Good morning. Here's my take on some of the stories driving the debate in politics, finance and social issues across Asia today:

Asia's collision course.

As Prime Minister Shinzo Abe "reinterprets" Japan's pacifist constitution, focus is turning to Asia's unfolding arms race. In this Project Syndicate op-ed, Yoon Young Kwan, South Korea's former foreign affairs minister, explores "Asia’s military revolution" as an ascendant China, a resurgent Japan and a desperate North Korea vie for attention and geopolitical leverage. Bottom line, Yoon argues: "serious efforts and far-reaching compromises are needed to begin the process of building institutions for regional security cooperation. Otherwise, the much-heralded 'Asian century,' far from bringing economic prosperity and peace, will be an age of suspicion and peril."

In China, a bank killer on the rise.

Chinese banks have a Jack Ma problem on their hands. As Wall Street rejoices in Alibaba's initial public offering, the splashiest since Facebook in 2012, China's banks are grappling with an explosion of online savings products -- more than 50 since last year -- including Yu’E Bao, the money-market fund pioneered by Alipay, the online-payment affiliate of Ma's Alibaba. China's banks still have a huge 1.3 billion customer base at home to tap, but the Ma's of the world are increasingly ready to force them to work harder for assets.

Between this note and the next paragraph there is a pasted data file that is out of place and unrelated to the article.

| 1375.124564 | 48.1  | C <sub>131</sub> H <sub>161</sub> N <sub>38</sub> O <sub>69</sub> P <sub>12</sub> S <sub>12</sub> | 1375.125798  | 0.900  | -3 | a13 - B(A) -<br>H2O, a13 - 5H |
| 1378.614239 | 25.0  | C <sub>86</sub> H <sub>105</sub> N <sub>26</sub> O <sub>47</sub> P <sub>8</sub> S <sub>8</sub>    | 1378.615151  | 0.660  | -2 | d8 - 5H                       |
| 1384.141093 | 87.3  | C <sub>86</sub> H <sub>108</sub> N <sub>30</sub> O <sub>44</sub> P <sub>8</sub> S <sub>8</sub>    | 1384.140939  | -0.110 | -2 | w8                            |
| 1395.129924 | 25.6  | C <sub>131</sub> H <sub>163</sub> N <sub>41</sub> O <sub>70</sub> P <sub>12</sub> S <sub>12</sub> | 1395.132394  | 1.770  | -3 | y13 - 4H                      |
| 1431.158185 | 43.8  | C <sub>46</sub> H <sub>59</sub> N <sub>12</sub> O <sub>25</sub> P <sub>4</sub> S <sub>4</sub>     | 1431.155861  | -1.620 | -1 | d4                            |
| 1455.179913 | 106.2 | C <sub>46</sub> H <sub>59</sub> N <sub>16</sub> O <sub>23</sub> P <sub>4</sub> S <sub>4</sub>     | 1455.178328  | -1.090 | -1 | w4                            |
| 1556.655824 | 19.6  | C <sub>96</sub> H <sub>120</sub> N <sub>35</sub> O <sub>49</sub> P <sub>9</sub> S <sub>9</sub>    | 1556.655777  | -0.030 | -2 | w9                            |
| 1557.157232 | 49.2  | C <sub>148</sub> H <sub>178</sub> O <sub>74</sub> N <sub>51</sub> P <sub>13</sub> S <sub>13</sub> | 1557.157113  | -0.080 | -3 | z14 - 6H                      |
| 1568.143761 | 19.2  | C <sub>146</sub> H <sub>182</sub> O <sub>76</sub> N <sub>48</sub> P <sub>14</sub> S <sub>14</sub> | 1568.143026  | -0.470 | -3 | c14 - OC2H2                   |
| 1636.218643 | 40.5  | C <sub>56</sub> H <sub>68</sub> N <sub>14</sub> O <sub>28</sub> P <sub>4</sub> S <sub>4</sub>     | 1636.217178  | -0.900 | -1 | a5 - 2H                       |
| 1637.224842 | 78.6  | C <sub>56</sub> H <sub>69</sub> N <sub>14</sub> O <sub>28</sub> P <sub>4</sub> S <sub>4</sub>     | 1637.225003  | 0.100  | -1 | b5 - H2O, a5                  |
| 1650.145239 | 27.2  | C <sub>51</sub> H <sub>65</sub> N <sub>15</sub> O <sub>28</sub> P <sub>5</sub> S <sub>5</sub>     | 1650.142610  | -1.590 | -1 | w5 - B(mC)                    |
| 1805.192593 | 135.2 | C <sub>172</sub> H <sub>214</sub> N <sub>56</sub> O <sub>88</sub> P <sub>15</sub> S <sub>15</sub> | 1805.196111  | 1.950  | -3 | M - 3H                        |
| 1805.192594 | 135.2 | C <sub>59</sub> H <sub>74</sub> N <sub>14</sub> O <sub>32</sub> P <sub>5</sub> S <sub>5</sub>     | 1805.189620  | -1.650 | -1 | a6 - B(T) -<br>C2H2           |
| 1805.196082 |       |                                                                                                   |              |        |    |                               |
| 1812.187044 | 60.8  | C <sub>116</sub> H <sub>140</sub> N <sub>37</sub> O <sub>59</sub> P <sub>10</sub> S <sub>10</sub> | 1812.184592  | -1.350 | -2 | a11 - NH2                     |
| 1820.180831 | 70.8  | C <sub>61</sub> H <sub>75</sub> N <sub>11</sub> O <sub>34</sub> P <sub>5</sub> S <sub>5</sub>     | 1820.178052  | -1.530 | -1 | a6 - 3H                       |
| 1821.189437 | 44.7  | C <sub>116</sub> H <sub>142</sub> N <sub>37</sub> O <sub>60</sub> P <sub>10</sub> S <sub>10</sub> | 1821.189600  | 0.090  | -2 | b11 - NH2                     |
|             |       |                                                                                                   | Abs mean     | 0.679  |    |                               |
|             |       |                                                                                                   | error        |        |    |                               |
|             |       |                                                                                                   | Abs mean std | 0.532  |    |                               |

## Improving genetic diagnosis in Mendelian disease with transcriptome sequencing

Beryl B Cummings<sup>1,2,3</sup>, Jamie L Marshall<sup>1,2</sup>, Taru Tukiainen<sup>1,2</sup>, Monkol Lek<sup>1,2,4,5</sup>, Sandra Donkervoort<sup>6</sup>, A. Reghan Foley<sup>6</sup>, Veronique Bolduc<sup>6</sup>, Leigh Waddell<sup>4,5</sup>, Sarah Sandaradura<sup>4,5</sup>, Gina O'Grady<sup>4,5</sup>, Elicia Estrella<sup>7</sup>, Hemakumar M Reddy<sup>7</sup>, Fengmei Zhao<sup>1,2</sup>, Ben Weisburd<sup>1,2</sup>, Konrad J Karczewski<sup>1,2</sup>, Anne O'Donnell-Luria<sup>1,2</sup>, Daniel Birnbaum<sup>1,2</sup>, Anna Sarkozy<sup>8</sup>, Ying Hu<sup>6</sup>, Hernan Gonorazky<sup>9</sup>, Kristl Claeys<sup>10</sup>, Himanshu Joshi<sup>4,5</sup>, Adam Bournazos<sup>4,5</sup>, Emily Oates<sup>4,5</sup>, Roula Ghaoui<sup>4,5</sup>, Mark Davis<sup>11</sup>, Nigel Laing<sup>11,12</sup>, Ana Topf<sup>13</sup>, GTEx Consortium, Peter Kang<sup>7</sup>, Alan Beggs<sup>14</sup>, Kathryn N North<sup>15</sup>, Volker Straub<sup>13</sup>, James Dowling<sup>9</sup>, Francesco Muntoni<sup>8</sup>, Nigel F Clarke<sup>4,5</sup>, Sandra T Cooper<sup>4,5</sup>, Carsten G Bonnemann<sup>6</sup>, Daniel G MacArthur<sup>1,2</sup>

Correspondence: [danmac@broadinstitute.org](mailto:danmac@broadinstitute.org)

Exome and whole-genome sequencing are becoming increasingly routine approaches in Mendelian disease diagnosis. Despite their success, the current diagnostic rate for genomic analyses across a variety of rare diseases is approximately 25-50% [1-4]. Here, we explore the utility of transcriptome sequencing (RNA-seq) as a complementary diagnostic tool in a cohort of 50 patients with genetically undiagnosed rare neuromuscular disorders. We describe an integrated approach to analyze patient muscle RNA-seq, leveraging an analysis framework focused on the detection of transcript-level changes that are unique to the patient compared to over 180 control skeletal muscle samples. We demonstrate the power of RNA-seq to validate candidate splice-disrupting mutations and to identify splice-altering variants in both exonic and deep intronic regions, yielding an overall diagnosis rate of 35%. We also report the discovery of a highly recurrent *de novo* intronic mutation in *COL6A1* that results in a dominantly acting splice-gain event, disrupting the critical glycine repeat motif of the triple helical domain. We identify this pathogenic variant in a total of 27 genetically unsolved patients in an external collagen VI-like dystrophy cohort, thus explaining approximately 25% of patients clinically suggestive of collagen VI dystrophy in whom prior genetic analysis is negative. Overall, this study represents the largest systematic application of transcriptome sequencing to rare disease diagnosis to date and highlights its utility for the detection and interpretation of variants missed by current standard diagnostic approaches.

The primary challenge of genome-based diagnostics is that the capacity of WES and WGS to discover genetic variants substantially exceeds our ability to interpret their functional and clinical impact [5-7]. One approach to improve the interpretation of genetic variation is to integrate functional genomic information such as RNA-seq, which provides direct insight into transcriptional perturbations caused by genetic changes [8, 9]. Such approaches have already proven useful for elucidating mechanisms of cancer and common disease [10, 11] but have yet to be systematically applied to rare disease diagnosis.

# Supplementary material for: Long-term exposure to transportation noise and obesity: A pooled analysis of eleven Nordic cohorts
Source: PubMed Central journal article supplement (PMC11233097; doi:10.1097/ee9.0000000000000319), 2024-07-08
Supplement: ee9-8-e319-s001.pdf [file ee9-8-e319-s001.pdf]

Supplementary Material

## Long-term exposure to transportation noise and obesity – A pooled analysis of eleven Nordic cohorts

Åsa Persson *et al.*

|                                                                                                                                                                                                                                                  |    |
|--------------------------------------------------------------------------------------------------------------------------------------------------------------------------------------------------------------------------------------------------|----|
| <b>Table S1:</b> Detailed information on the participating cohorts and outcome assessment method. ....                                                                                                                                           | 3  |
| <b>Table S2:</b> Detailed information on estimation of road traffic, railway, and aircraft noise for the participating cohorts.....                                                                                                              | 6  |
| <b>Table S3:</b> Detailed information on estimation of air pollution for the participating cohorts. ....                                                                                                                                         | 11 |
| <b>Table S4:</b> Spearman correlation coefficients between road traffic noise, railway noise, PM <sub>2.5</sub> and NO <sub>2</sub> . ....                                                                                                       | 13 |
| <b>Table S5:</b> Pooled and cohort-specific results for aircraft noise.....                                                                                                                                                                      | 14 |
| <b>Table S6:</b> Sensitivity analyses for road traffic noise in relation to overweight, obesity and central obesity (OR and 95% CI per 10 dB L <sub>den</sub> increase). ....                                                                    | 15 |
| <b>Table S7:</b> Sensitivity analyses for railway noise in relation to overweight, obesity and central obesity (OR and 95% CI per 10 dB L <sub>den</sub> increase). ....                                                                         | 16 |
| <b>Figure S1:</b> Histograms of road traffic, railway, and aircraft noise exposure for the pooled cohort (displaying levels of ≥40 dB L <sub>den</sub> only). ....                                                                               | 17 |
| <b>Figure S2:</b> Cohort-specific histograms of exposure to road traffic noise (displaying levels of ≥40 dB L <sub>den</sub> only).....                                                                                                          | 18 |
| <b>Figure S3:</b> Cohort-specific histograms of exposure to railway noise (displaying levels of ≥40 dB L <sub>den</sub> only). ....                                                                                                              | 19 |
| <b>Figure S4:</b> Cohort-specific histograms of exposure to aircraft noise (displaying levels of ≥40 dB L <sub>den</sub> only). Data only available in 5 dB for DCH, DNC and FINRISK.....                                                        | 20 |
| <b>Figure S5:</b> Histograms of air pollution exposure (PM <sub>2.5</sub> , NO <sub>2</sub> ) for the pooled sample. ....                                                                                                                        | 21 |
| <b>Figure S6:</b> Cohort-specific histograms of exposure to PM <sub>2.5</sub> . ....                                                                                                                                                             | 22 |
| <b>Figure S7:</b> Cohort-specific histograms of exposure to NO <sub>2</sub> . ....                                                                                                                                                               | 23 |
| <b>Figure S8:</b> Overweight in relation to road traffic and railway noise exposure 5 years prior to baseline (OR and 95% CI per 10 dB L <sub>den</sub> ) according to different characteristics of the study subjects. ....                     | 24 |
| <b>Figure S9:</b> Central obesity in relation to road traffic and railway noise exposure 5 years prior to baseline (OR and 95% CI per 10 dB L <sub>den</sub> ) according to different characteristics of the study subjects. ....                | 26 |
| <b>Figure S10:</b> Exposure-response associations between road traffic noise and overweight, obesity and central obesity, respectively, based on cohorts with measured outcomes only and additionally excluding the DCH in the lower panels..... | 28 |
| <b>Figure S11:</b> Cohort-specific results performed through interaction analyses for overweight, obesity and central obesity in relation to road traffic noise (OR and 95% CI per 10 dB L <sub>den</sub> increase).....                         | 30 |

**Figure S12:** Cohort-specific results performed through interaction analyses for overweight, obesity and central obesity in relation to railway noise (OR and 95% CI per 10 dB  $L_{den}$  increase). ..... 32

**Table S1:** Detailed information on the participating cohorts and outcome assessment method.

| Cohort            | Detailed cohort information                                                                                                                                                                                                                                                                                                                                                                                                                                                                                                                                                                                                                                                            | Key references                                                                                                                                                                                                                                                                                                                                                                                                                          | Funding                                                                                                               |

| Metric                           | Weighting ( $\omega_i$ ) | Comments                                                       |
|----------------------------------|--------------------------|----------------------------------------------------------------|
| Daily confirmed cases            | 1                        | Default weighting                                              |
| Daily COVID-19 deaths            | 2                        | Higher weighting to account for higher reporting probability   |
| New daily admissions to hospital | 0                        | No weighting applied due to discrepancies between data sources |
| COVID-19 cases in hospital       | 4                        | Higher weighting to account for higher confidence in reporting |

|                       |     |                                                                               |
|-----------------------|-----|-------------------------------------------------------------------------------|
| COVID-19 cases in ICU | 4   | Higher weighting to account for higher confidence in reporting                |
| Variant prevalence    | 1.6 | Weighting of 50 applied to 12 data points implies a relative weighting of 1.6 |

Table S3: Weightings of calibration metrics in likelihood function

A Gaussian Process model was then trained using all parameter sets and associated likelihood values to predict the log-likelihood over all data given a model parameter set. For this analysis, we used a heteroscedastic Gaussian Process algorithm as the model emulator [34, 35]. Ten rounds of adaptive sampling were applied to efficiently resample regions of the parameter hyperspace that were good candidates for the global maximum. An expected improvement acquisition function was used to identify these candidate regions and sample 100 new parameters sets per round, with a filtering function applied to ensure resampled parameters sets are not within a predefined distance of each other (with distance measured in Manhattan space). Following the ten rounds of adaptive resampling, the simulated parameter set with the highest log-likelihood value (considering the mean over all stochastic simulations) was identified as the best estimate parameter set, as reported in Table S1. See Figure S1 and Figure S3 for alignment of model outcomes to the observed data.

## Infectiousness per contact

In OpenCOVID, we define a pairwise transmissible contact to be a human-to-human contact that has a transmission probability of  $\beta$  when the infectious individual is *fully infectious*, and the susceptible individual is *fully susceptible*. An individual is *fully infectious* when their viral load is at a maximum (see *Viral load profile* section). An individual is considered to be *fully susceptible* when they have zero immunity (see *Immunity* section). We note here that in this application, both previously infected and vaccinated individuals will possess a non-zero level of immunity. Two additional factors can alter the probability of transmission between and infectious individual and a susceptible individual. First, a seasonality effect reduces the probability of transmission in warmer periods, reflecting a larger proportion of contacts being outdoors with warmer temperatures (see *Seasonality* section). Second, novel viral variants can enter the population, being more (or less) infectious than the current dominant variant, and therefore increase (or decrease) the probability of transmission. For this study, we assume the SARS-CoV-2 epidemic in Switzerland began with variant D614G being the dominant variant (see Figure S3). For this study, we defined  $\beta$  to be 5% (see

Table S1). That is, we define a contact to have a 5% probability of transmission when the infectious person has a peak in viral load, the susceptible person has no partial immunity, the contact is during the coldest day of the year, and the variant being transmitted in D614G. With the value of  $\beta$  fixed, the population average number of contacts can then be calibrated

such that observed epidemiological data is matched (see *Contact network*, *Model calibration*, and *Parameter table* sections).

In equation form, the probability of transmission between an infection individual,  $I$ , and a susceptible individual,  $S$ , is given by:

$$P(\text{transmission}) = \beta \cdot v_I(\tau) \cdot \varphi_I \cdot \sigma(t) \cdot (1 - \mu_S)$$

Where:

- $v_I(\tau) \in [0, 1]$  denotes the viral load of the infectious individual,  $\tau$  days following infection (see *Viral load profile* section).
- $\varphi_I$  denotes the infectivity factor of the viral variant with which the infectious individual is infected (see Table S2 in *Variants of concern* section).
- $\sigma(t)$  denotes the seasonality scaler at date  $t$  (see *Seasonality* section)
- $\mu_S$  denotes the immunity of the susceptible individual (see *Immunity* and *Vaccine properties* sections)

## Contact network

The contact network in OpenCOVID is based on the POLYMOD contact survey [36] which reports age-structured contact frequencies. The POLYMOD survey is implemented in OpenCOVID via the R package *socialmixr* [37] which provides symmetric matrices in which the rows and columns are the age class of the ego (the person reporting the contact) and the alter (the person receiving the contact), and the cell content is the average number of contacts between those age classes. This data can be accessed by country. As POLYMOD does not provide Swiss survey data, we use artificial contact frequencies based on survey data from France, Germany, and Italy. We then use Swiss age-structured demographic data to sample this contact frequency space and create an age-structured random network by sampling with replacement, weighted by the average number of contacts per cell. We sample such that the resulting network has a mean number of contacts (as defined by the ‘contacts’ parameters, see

Will Malaysian Air go private?

The company says it’s not aware of any privatization decision, but the Wall Street Journal's story to that effect has many placing wagers. Malaysia's sovereign wealth fund Khazanah owns 69 percent of an airline that's been on the receiving end of terrible press after one of its planes disappeared in March with 239 people on board. The government has been eyeing ways to resuscitate the flagging carrier. Pushing it fully into the private sector may just be the first step toward Malaysian Air regaining altitude.

China's anti-pollution drones.

The most populous nation seems as interested in using drones to attack pollution as to kill enemies. It's a fascinating strategy, one explored in this Time piece. "China has previously tested using drones to fight the country’s heavy atmospheric pollution — in March, China tested large drones equipped with parachutes that sprayed chemicals to disperse smog, though the country has yet to use these widely," Time writes. "China has also tested stealth drones and funneled billions into military spending to modernize its arsenal of aerial vehicles."

Viral outburst in Hyogo.

If there were a Scandal 101 course for wayward politicians and businesspeople, rule No. 1 might be: Once caught, lay low and don't make an international spectacle of yourself. Clearly, Japan's Ryutaro Nonomura didn’t take the course. After being accused of misusing almost $30,000 of public funds, the Hyogo Prefectural assemblyman held a tearful and wailing press conference that went viral on YouTube globally. You don't have to speak Japanese to enjoy this theatrical and farcical scene.

To contact the writer of this article: William Pesek at wpesek@bloomberg.net.

To contact the editor responsible for this article: Marc Champion at mchampion7@bloomberg.net